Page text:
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A Decade of Changes in Nitrogen Oxides over U.S. Regions of Oil and Natural Gas (ONG) Activity

This Ozone Monitoring Instrument (OMI) study shows the effect that shale oil and natural gas operations has had on tropospheric Nitrogen Dioxide (NO2) levels in the Central Plains, and indicates the potential consequences for regional air quality.

This study shows the effect that shale oil and natural gas operations has had on tropospheric NO<small><sub>2</sub></small> levels in the Central Plains, and indicates the potential consequences for regional air quality.

Map shows absolute changes in the OMI-NO2 vertical column density (VCD) between 2005 and 2015. Oil and natural gas regions (black boxes), large cities (red triangles) and power stations (grey circles) are overlaid. For three oil and natural gas regions (Bakken, Permian, and Eagle Ford), the lights at night data from Suomi NPP VIIRS and the relationship between annual OMI NO2 VCD and regional annual oil or gas production from 2005 to 2015 are displayed. The deseasonalised annual OMI NO2 VCD is shown in solid lines, with 95th percentile confidence bounds in dashed lines, and regional annual oil or gas production in red bars.

  • OMI data indicate widespread decreases in NO2 levels over the U.S. since 2005 associated with pollution emission controls on power plants and automobiles.

  • However, over less polluted regions of the Central Plains, OMI data show increases in NO2 levels over areas of oil and natural gas (ONG) activity, which is consistent with activity records, such as oil production.

  • Changes in NO2 levels over ONG areas in the more polluted regions of the U.S. (e.g., Marcellus-Utica) do not correspond to ONG activity as changes in pollution levels are dominated by power plant and mobile sources.

Scientific significance, societal relevance, and relationships to future missions:

Nitrogen oxides (NOx = NO2 + NO) are a highly regulated species that play a major role in the formation of photochemical smog. While NOx emissions are generally decreasing over the U.S. as a result of more stringent environmental policies and improved emissions control technologies on power plants and cars, the shale oil and natural gas industry is reversing this rate of changes in certain regions. We present here a quantitative analysis of NOx levels over the seven main U.S. shale plays (Bakken, Eagle Ford, Permian, Niobrara-Codell, Marcellus-Utica, Haynesville, and Barnett) between 2005 and 2015 using measurements of tropospheric NO2 from the Aura Ozone Monitoring Instrument (OMI). We develop and apply a methodology that seeks to maximise pollutant signals from oil and gas activities. For reference, we also examine the national trend averaged over the lower 48 states. Consistent with previous studies, we find NOx across the U.S. is generally declining. During the low-production phase of oil and natural gas production (2005-2009), we find declining trends in tropospheric NOx that are similar to the national trend (-4.6% yr-1) in 6 of the 7 study regions (-8 to -2% yr-1). In the high-production phase (2010-15), we find an increasing NOx trend in 5 of the 7 study basins (0.4 to 4.5% yr-1) while the national trend continued to decline (-0.3% yr-1). Over the most intensive oil-producing shale plays (Bakken, Eagle Ford, Permian and Niobrara-Codell), we observe a rapid growth (1-4.5% yr-1), which correlates well (r2 = 0.6-0.9) with their annual oil production rates and/or drilling rigs. In contrast, trends across the mainly gas-producing regions (Haynesville, Barnett, and Marcellus-Utica) show decreases (-0.4 to -1.7% yr-1) similar to the national trend, with the exception of the Marcellus-Utica where a slight increase (0.4 ± 0.2% yr-1) may be an indication of a small regional increase. Our study shows the important decadal effect that shale oil and natural gas operations has had on the tropospheric NO2 levels, and the potential consequences for regional air quality.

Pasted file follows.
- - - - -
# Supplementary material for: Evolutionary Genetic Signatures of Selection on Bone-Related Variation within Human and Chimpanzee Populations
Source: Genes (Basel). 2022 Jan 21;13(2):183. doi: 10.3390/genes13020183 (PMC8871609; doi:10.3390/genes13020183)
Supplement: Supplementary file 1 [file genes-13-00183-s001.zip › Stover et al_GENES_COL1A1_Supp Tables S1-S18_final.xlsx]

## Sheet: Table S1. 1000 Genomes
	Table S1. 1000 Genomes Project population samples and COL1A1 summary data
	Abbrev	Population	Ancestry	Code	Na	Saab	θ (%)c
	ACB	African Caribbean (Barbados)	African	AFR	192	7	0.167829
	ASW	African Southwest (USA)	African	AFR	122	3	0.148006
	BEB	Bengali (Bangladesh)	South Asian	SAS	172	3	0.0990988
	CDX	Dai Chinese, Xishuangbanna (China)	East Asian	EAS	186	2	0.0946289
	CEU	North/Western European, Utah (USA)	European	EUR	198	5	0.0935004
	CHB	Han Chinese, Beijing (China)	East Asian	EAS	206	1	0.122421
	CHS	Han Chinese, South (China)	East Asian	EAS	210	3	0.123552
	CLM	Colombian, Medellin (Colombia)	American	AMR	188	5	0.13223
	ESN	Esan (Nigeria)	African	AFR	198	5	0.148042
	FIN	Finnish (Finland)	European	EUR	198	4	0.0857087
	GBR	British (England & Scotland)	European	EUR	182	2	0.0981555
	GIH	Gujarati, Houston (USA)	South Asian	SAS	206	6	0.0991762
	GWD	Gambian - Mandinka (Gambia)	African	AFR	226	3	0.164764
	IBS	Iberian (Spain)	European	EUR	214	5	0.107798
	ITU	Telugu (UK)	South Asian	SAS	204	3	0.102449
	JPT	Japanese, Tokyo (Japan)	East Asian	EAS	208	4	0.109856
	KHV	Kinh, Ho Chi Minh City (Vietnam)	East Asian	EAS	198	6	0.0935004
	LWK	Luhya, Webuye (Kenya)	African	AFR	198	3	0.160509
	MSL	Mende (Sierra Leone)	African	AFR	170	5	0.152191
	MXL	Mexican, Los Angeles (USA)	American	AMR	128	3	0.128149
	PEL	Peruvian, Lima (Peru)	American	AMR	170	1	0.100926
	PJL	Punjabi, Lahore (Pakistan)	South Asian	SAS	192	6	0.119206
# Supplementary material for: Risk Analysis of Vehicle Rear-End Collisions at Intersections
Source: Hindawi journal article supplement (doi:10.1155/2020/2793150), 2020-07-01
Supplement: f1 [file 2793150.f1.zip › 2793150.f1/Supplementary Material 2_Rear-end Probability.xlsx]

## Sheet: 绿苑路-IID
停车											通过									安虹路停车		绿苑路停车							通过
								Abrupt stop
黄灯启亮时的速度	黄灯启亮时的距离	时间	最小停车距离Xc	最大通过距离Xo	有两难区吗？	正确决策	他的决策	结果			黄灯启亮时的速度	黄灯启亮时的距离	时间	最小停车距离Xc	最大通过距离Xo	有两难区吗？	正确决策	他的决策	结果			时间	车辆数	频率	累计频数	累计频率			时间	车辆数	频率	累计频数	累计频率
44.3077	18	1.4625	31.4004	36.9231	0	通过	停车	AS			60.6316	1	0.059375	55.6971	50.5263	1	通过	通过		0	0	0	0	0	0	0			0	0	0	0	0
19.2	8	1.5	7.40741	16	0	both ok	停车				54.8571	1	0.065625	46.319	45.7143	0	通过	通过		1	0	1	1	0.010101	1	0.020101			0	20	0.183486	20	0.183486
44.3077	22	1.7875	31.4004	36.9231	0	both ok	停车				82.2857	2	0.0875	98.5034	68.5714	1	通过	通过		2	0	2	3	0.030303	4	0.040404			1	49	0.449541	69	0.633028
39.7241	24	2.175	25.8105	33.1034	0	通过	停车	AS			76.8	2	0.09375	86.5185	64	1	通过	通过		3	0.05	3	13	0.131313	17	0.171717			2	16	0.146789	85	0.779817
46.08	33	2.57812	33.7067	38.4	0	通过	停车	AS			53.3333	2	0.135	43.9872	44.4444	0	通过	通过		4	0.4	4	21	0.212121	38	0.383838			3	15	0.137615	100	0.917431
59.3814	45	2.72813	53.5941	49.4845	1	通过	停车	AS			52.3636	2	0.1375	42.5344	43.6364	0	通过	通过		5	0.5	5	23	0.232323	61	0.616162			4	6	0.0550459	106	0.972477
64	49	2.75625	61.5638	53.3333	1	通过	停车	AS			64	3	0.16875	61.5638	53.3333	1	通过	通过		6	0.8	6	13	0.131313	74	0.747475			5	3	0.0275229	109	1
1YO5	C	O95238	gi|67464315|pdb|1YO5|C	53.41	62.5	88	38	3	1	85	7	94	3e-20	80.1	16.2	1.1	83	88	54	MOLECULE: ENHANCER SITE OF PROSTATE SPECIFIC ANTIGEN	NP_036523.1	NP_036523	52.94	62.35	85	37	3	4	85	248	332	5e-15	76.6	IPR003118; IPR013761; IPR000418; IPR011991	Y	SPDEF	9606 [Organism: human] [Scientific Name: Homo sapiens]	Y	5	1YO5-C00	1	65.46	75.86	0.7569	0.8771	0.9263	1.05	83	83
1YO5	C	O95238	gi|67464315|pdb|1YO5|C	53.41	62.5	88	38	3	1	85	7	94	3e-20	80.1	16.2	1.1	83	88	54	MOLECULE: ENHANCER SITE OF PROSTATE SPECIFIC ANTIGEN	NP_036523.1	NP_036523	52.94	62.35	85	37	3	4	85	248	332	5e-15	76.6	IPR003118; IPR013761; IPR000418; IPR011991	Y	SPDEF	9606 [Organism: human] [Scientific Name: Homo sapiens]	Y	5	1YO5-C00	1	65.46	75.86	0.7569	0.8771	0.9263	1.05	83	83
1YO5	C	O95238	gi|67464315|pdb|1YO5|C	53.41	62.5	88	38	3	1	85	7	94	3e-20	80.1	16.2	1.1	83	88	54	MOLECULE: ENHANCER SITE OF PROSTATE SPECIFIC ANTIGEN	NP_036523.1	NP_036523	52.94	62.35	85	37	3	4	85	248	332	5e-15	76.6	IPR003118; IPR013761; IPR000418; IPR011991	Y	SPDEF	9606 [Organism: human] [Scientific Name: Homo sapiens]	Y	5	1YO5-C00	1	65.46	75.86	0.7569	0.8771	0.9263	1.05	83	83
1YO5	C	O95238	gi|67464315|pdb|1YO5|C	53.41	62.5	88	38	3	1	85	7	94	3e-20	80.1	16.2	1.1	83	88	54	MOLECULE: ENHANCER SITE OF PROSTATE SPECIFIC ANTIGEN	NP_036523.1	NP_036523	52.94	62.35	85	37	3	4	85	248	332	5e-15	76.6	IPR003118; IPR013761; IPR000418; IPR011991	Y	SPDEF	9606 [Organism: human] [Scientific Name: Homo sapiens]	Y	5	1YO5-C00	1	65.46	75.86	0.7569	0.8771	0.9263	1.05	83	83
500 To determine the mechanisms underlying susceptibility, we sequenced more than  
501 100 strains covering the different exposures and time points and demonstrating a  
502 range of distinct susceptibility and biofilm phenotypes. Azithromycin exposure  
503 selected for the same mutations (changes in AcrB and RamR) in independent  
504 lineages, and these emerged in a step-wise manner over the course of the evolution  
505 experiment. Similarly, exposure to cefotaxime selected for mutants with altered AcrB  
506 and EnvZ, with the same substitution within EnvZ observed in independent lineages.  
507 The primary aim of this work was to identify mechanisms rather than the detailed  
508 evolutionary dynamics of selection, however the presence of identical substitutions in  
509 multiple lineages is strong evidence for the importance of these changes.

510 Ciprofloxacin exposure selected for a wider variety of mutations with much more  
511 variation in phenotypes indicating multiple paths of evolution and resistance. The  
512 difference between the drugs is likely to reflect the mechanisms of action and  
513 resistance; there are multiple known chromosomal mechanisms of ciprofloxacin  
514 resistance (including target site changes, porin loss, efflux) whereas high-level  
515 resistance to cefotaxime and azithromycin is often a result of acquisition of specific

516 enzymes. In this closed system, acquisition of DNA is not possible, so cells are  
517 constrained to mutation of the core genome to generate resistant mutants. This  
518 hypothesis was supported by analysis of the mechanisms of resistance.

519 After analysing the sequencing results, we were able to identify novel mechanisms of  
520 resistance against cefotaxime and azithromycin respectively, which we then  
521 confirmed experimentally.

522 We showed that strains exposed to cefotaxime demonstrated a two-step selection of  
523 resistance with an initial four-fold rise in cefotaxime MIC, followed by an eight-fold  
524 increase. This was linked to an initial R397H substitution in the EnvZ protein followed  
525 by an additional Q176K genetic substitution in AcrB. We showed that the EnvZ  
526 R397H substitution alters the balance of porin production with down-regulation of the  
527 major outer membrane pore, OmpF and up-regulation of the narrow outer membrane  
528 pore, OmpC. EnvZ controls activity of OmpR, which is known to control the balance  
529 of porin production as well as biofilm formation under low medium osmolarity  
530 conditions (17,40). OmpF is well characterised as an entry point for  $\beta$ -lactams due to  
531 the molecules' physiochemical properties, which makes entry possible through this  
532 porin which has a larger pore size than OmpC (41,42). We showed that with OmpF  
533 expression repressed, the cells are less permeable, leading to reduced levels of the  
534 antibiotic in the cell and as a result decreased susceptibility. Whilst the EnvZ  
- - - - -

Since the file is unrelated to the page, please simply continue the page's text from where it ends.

Currently, Aura overpasses once per day in the early afternoon, giving only a "snapshot" of NO2 levels. The upcoming NASA TEMPO mission, which will be in geosynchronous orbit, will allow the hourly evolution of NO2 emissions from ONG activities to be studied.

Data Sources:

Aura Ozone Monitoring Instrument (OMI) version 2.1 level 3 high-resolution (0.1°x0.1°) tropospheric vertical column density data of nitrogen dioxide (NO2) developed by NASA Goddard OMI Science team and available from the Aura Validation Data Center (AVDC) were used in this study. Data on national oil and natural gas production statistics and drilling rig counts were taken from the U.S. Energy Information Administration's (EIA) database. Spatial data on the extents of shale basins were from the EIA. Locations of oil and natural gas wells across the U.S. were downloaded from the The FracTracker Alliance. Population data were acquired from the U.S. Census Bureau.

References: Majid A., Val Martin M., Lamsal L.N., Duncan B.N. (2017). A decade of changes in nitrogen oxides over regions of oil and natural gas activity in the United States. Elem. Sci. Anth., 5:76. DOI: